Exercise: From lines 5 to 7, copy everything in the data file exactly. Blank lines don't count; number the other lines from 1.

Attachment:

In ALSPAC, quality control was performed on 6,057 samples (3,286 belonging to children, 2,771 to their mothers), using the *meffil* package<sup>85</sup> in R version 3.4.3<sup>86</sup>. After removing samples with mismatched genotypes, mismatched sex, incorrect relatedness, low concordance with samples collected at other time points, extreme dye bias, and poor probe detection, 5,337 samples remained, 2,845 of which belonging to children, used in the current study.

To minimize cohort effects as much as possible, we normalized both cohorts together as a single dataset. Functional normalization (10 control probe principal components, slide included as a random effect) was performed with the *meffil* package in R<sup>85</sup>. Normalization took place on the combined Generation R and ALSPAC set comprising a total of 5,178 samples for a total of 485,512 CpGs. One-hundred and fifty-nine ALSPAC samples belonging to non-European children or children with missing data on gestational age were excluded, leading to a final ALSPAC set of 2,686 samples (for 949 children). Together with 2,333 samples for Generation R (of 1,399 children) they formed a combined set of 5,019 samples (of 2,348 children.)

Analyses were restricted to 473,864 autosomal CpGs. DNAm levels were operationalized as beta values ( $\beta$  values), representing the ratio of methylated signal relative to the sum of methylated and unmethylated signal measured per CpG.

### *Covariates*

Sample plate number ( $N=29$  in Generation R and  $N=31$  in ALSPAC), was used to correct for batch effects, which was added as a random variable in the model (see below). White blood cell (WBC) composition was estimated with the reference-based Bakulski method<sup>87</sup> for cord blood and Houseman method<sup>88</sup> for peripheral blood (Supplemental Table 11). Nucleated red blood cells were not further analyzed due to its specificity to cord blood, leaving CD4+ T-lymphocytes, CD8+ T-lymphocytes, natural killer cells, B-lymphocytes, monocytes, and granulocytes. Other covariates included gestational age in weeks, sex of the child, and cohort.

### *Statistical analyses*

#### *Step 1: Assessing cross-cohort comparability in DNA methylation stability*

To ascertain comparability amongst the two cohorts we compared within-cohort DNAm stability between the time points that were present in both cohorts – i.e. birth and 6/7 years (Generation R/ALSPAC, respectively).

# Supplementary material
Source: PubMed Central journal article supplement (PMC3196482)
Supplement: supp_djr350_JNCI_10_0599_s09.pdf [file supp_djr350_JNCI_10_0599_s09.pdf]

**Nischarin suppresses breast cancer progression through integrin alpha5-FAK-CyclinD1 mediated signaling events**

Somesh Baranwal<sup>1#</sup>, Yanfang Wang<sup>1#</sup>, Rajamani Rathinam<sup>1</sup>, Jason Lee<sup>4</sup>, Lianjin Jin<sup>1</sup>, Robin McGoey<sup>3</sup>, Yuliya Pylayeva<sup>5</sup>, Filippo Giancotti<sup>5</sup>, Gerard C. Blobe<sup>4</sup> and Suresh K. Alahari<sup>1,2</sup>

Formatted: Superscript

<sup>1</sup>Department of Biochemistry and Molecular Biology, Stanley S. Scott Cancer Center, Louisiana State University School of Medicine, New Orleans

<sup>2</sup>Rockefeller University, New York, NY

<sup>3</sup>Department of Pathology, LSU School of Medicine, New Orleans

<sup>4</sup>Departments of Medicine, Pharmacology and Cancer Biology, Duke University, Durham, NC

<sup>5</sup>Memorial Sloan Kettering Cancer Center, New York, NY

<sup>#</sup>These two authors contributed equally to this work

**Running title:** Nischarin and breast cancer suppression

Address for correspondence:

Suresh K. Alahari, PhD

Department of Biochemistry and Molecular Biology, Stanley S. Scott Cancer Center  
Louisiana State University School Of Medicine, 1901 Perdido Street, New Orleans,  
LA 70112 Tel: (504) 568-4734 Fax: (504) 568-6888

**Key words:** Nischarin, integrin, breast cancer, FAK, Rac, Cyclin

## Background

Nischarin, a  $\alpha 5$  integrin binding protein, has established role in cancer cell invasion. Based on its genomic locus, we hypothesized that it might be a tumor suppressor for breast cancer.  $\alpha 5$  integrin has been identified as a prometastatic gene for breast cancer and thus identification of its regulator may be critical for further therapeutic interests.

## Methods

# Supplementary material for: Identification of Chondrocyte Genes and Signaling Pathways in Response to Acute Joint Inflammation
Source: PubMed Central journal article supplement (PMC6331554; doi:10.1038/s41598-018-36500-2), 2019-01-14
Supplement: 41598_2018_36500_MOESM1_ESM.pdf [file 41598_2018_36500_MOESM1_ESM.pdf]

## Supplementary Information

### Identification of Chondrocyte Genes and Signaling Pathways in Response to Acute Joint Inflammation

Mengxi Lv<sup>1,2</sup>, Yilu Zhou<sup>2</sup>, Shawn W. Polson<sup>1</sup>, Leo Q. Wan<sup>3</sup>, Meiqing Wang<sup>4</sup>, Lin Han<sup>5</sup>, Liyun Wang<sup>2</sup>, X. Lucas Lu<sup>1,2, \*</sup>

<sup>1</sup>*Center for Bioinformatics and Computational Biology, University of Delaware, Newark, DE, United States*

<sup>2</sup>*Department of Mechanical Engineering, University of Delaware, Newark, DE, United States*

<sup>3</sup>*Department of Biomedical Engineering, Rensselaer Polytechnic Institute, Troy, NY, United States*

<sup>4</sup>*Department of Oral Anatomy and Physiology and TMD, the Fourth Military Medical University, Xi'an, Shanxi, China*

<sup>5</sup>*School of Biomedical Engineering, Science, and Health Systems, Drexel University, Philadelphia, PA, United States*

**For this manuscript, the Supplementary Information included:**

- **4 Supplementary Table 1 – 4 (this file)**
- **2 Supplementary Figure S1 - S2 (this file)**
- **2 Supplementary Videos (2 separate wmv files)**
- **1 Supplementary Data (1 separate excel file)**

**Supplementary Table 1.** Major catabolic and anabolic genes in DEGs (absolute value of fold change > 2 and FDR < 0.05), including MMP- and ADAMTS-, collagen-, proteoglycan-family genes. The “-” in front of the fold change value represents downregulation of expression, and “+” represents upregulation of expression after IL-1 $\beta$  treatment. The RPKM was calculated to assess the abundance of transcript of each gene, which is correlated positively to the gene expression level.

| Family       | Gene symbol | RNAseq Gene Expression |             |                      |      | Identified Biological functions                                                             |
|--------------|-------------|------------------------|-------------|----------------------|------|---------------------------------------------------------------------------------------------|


Sample plate number ( $N=29$  in Generation R and  $N=31$  in ALSPAC), was used to correct for batch effects, which was added as a random variable in the model (see below). White blood cell (WBC) composition was estimated with the reference-based Bakulski method<sup>87</sup> for cord blood and Houseman method<sup>88</sup> for peripheral blood (Supplemental Table 11). Nucleated red blood cells were not further analyzed due to its specificity to cord blood, leaving CD4+ T-lymphocytes, CD8+ T-lymphocytes, natural killer cells, B-lymphocytes, monocytes, and granulocytes. Other covariates included gestational age in weeks, sex of the child, and cohort.

### *Statistical analyses*

#### *Step 1: Assessing cross-cohort comparability in DNA methylation stability*